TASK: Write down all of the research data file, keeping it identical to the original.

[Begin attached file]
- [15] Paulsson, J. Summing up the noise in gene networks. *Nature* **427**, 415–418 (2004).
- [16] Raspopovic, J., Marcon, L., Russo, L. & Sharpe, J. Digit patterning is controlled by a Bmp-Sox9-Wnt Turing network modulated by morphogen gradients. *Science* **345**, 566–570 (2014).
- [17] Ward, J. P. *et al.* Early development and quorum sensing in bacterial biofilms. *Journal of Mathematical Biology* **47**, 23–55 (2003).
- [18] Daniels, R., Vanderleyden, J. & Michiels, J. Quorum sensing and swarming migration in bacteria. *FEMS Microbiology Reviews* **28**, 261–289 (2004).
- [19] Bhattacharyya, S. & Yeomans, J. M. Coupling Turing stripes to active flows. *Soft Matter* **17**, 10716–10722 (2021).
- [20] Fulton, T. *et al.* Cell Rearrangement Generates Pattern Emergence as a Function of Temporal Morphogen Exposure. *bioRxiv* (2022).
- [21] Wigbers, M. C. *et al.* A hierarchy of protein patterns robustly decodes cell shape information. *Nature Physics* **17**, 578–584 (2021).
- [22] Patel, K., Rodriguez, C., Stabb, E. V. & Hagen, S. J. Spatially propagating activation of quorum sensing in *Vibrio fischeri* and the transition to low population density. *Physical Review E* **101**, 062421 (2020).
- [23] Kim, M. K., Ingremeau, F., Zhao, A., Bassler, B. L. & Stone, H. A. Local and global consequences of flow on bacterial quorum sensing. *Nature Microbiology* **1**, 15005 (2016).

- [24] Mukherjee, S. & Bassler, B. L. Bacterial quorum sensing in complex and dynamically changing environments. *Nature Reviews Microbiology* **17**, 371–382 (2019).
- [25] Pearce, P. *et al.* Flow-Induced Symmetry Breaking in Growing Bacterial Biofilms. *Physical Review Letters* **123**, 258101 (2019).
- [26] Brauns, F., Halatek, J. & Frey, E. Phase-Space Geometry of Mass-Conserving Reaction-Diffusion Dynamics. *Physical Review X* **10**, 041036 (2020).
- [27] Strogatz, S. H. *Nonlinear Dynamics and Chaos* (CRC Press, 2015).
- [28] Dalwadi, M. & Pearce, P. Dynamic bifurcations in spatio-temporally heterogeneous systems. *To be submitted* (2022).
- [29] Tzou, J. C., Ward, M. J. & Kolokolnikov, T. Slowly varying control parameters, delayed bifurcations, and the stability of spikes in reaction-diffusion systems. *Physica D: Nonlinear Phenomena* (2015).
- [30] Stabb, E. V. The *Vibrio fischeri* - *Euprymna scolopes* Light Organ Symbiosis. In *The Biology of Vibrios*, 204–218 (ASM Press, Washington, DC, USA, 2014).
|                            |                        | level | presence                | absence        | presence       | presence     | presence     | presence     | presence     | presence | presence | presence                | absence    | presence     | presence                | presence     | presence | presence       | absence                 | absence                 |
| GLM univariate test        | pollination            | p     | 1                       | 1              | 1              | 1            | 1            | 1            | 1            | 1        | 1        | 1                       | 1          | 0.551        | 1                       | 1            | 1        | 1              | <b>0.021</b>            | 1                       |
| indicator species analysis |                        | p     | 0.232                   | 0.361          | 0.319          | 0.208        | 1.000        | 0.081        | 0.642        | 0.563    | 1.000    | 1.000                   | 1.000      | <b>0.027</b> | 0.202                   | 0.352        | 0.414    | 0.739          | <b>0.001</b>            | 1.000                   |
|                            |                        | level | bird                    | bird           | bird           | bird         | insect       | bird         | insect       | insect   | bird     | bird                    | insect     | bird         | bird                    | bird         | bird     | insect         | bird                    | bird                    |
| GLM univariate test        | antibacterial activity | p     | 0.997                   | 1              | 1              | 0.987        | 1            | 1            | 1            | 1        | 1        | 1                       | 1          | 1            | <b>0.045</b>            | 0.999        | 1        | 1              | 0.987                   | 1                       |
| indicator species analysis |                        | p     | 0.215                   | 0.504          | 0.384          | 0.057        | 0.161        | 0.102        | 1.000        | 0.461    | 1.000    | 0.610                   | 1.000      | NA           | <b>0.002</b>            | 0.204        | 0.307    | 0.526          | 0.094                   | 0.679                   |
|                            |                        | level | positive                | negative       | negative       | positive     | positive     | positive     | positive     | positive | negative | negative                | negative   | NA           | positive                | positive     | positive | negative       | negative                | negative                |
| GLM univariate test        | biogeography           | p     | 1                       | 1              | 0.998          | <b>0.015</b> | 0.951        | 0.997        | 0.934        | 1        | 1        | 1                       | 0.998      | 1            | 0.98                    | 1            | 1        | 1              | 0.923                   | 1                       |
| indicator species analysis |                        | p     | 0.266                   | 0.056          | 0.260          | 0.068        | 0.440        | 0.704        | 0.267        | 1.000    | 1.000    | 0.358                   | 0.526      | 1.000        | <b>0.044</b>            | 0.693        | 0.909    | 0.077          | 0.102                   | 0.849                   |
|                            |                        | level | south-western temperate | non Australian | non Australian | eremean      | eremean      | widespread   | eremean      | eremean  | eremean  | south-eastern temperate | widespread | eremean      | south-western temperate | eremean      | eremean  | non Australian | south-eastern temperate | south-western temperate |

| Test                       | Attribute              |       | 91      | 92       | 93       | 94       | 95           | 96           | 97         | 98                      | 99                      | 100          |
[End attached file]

- [15] Paulsson, J. Summing up the noise in gene networks. *Nature* **427**, 415–418 (2004).
- [16] Raspopovic, J., Marcon, L., Russo, L. & Sharpe, J. Digit patterning is controlled by a Bmp-Sox9-Wnt Turing network modulated by morphogen gradients. *Science* **345**, 566–570 (2014).
- [17] Ward, J. P. *et al.* Early development and quorum sensing in bacterial biofilms. *Journal of Mathematical Biology* **47**, 23–55 (2003).
- [18] Daniels, R., Vanderleyden, J. & Michiels, J. Quorum sensing and swarming migration in bacteria. *FEMS Microbiology Reviews* **28**, 261–289 (2004).
- [19] Bhattacharyya, S. & Yeomans, J. M. Coupling Turing stripes to active flows. *Soft Matter* **17**, 10716–10722 (2021).
- [20] Fulton, T. *et al.* Cell Rearrangement Generates Pattern Emergence as a Function of Temporal Morphogen Exposure. *bioRxiv* (2022).
- [21] Wigbers, M. C. *et al.* A hierarchy of protein patterns robustly decodes cell shape information. *Nature Physics* **17**, 578–584 (2021).
- [22] Patel, K., Rodriguez, C., Stabb, E. V. & Hagen, S. J. Spatially propagating activation of quorum sensing in *Vibrio fischeri* and the transition to low population density. *Physical Review E* **101**, 062421 (2020).
- [23] Kim, M. K., Ingremeau, F., Zhao, A., Bassler, B. L. & Stone, H. A. Local and global consequences of flow on bacterial quorum sensing. *Nature Microbiology* **1**, 15005 (2016).

- [24] Mukherjee, S. & Bassler, B. L. Bacterial quorum sensing in complex and dynamically changing environments. *Nature Reviews Microbiology* **17**, 371–382 (2019).
- [25] Pearce, P. *et al.* Flow-Induced Symmetry Breaking in Growing Bacterial Biofilms. *Physical Review Letters* **123**, 258101 (2019).
- [26] Brauns, F., Halatek, J. & Frey, E. Phase-Space Geometry of Mass-Conserving Reaction-Diffusion Dynamics. *Physical Review X* **10**, 041036 (2020).
- [27] Strogatz, S. H. *Nonlinear Dynamics and Chaos* (CRC Press, 2015).
- [28] Dalwadi, M. & Pearce, P. Dynamic bifurcations in spatio-temporally heterogeneous systems. *To be submitted* (2022).
- [29] Tzou, J. C., Ward, M. J. & Kolokolnikov, T. Slowly varying control parameters, delayed bifurcations, and the stability of spikes in reaction-diffusion systems. *Physica D: Nonlinear Phenomena* (2015).
- [30] Stabb, E. V. The *Vibrio fischeri* - *Euprymna scolopes* Light Organ Symbiosis. In *The Biology of Vibrios*, 204–218 (ASM Press, Washington, DC, USA, 2014).
|                            |                        | level | presence                | absence        | presence       | presence     | presence     | presence     | presence     | presence | presence | presence                | absence    | presence     | presence                | presence     | presence | presence       | absence                 | absence                 |
| GLM univariate test        | pollination            | p     | 1                       | 1              | 1              | 1            | 1            | 1            | 1            | 1        | 1        | 1                       | 1          | 0.551        | 1                       | 1            | 1        | 1              | <b>0.021</b>            | 1                       |
| indicator species analysis |                        | p     | 0.232                   | 0.361          | 0.319          | 0.208        | 1.000        | 0.081        | 0.642        | 0.563    | 1.000    | 1.000                   | 1.000      | <b>0.027</b> | 0.202                   | 0.352        | 0.414    | 0.739          | <b>0.001</b>            | 1.000                   |
|                            |                        | level | bird                    | bird           | bird           | bird         | insect       | bird         | insect       | insect   | bird     | bird                    | insect     | bird         | bird                    | bird         | bird     | insect         | bird                    | bird                    |
| GLM univariate test        | antibacterial activity | p     | 0.997                   | 1              | 1              | 0.987        | 1            | 1            | 1            | 1        | 1        | 1                       | 1          | 1            | <b>0.045</b>            | 0.999        | 1        | 1              | 0.987                   | 1                       |
| indicator species analysis |                        | p     | 0.215                   | 0.504          | 0.384          | 0.057        | 0.161        | 0.102        | 1.000        | 0.461    | 1.000    | 0.610                   | 1.000      | NA           | <b>0.002</b>            | 0.204        | 0.307    | 0.526          | 0.094                   | 0.679                   |
|                            |                        | level | positive                | negative       | negative       | positive     | positive     | positive     | positive     | positive | negative | negative                | negative   | NA           | positive                | positive     | positive | negative       | negative                | negative                |
| GLM univariate test        | biogeography           | p     | 1                       | 1              | 0.998          | <b>0.015</b> | 0.951        | 0.997        | 0.934        | 1        | 1        | 1                       | 0.998      | 1            | 0.98                    | 1            | 1        | 1              | 0.923                   | 1                       |
| indicator species analysis |                        | p     | 0.266                   | 0.056          | 0.260          | 0.068        | 0.440        | 0.704        | 0.267        | 1.000    | 1.000    | 0.358                   | 0.526      | 1.000        | <b>0.044</b>            | 0.693        | 0.909    | 0.077          | 0.102                   | 0.849                   |
|                            |                        | level | south-western temperate | non Australian | non Australian | eremean      | eremean      | widespread   | eremean      | eremean  | eremean  | south-eastern temperate | widespread | eremean      | south-western temperate | eremean      | eremean  | non Australian | south-eastern temperate | south-western temperate |

| Test                       | Attribute              |       | 91      | 92       | 93       | 94       | 95           | 96           | 97         | 98                      | 99                      | 100          |